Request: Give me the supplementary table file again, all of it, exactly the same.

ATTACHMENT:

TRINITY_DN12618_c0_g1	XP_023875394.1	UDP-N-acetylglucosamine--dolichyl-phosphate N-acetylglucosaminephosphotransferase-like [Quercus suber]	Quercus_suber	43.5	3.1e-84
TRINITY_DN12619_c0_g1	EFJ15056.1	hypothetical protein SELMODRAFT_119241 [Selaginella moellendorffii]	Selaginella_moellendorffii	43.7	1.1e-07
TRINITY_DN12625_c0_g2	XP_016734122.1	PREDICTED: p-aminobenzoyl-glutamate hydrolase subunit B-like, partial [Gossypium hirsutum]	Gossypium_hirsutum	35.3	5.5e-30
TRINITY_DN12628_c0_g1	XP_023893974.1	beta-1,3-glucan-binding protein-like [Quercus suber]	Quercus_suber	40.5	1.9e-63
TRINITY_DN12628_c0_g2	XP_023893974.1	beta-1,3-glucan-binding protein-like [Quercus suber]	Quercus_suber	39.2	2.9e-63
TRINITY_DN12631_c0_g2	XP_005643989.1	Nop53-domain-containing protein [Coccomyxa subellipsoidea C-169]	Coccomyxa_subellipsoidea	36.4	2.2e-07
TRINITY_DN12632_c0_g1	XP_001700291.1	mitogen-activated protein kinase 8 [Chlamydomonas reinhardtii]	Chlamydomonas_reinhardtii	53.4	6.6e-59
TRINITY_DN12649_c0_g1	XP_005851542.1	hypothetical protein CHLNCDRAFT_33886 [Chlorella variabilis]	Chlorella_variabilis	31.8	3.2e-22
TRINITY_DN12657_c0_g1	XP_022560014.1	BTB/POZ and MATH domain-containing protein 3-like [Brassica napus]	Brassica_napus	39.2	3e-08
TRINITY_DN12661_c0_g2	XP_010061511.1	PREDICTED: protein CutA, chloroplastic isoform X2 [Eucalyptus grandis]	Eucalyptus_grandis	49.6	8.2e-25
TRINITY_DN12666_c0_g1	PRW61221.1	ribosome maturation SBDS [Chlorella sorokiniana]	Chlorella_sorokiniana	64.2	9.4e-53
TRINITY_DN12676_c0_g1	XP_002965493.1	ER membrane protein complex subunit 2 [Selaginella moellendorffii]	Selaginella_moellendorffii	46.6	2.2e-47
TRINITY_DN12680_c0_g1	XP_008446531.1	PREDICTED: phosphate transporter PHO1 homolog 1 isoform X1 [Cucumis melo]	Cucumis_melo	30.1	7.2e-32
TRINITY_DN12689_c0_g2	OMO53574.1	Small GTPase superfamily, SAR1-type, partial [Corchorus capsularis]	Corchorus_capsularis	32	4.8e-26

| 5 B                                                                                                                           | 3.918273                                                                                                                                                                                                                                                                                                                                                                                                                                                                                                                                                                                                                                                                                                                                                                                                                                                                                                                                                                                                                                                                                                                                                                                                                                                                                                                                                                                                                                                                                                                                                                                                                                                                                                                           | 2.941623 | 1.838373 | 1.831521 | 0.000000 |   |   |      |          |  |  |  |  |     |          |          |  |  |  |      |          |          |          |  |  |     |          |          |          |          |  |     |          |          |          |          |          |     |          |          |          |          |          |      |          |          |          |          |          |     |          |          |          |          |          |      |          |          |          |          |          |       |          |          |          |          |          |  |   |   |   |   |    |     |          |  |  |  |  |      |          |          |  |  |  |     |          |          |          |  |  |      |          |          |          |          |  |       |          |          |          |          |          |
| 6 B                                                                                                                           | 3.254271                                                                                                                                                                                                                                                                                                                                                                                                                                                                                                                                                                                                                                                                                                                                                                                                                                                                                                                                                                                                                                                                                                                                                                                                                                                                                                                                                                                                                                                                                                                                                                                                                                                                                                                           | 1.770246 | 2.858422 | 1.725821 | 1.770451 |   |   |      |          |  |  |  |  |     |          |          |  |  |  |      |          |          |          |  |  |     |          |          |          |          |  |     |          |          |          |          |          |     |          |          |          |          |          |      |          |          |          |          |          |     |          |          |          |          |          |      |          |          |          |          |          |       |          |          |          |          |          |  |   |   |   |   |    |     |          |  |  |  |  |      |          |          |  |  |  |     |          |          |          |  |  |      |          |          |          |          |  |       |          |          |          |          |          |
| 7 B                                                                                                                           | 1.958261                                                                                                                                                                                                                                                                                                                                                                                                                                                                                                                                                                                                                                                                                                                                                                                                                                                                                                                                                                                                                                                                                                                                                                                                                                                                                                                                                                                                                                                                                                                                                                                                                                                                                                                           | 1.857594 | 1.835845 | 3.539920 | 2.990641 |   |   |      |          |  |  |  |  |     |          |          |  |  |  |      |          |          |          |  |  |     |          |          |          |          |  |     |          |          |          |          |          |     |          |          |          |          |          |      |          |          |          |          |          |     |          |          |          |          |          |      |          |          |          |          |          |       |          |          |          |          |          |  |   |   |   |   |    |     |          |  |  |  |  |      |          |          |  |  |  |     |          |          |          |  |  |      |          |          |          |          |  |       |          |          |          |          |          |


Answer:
TRINITY_DN12618_c0_g1	XP_023875394.1	UDP-N-acetylglucosamine--dolichyl-phosphate N-acetylglucosaminephosphotransferase-like [Quercus suber]	Quercus_suber	43.5	3.1e-84
TRINITY_DN12619_c0_g1	EFJ15056.1	hypothetical protein SELMODRAFT_119241 [Selaginella moellendorffii]	Selaginella_moellendorffii	43.7	1.1e-07
TRINITY_DN12625_c0_g2	XP_016734122.1	PREDICTED: p-aminobenzoyl-glutamate hydrolase subunit B-like, partial [Gossypium hirsutum]	Gossypium_hirsutum	35.3	5.5e-30
TRINITY_DN12628_c0_g1	XP_023893974.1	beta-1,3-glucan-binding protein-like [Quercus suber]	Quercus_suber	40.5	1.9e-63
TRINITY_DN12628_c0_g2	XP_023893974.1	beta-1,3-glucan-binding protein-like [Quercus suber]	Quercus_suber	39.2	2.9e-63
TRINITY_DN12631_c0_g2	XP_005643989.1	Nop53-domain-containing protein [Coccomyxa subellipsoidea C-169]	Coccomyxa_subellipsoidea	36.4	2.2e-07
TRINITY_DN12632_c0_g1	XP_001700291.1	mitogen-activated protein kinase 8 [Chlamydomonas reinhardtii]	Chlamydomonas_reinhardtii	53.4	6.6e-59
TRINITY_DN12649_c0_g1	XP_005851542.1	hypothetical protein CHLNCDRAFT_33886 [Chlorella variabilis]	Chlorella_variabilis	31.8	3.2e-22
TRINITY_DN12657_c0_g1	XP_022560014.1	BTB/POZ and MATH domain-containing protein 3-like [Brassica napus]	Brassica_napus	39.2	3e-08
TRINITY_DN12661_c0_g2	XP_010061511.1	PREDICTED: protein CutA, chloroplastic isoform X2 [Eucalyptus grandis]	Eucalyptus_grandis	49.6	8.2e-25
TRINITY_DN12666_c0_g1	PRW61221.1	ribosome maturation SBDS [Chlorella sorokiniana]	Chlorella_sorokiniana	64.2	9.4e-53
TRINITY_DN12676_c0_g1	XP_002965493.1	ER membrane protein complex subunit 2 [Selaginella moellendorffii]	Selaginella_moellendorffii	46.6	2.2e-47
TRINITY_DN12680_c0_g1	XP_008446531.1	PREDICTED: phosphate transporter PHO1 homolog 1 isoform X1 [Cucumis melo]	Cucumis_melo	30.1	7.2e-32
TRINITY_DN12689_c0_g2	OMO53574.1	Small GTPase superfamily, SAR1-type, partial [Corchorus capsularis]	Corchorus_capsularis	32	4.8e-26

| 5 B                                                                                                                           | 3.918273                                                                                                                                                                                                                                                                                                                                                                                                                                                                                                                                                                                                                                                                                                                                                                                                                                                                                                                                                                                                                                                                                                                                                                                                                                                                                                                                                                                                                                                                                                                                                                                                                                                                                                                           | 2.941623 | 1.838373 | 1.831521 | 0.000000 |   |   |      |          |  |  |  |  |     |          |          |  |  |  |      |          |          |          |  |  |     |          |          |          |          |  |     |          |          |          |          |          |     |          |          |          |          |          |      |          |          |          |          |          |     |          |          |          |          |          |      |          |          |          |          |          |       |          |          |          |          |          |  |   |   |   |   |    |     |          |  |  |  |  |      |          |          |  |  |  |     |          |          |          |  |  |      |          |          |          |          |  |       |          |          |          |          |          |
| 6 B                                                                                                                           | 3.254271                                                                                                                                                                                                                                                                                                                                                                                                                                                                                                                                                                                                                                                                                                                                                                                                                                                                                                                                                                                                                                                                                                                                                                                                                                                                                                                                                                                                                                                                                                                                                                                                                                                                                                                           | 1.770246 | 2.858422 | 1.725821 | 1.770451 |   |   |      |          |  |  |  |  |     |          |          |  |  |  |      |          |          |          |  |  |     |          |          |          |          |  |     |          |          |          |          |          |     |          |          |          |          |          |      |          |          |          |          |          |     |          |          |          |          |          |      |          |          |          |          |          |       |          |          |          |          |          |  |   |   |   |   |    |     |          |  |  |  |  |      |          |          |  |  |  |     |          |          |          |  |  |      |          |          |          |          |  |       |          |          |          |          |          |
| 7 B                                                                                                                           | 1.958261                                                                                                                                                                                                                                                                                                                                                                                                                                                                                                                                                                                                                                                                                                                                                                                                                                                                                                                                                                                                                                                                                                                                                                                                                                                                                                                                                                                                                                                                                                                                                                                                                                                                                                                           | 1.857594 | 1.835845 | 3.539920 | 2.990641 |   |   |      |          |  |  |  |  |     |          |          |  |  |  |      |          |          |          |  |  |     |          |          |          |          |  |     |          |          |          |          |          |     |          |          |          |          |          |      |          |          |          |          |          |     |          |          |          |          |          |      |          |          |          |          |          |       |          |          |          |          |          |  |   |   |   |   |    |     |          |  |  |  |  |      |          |          |  |  |  |     |          |          |          |  |  |      |          |          |          |          |  |       |          |          |          |          |          |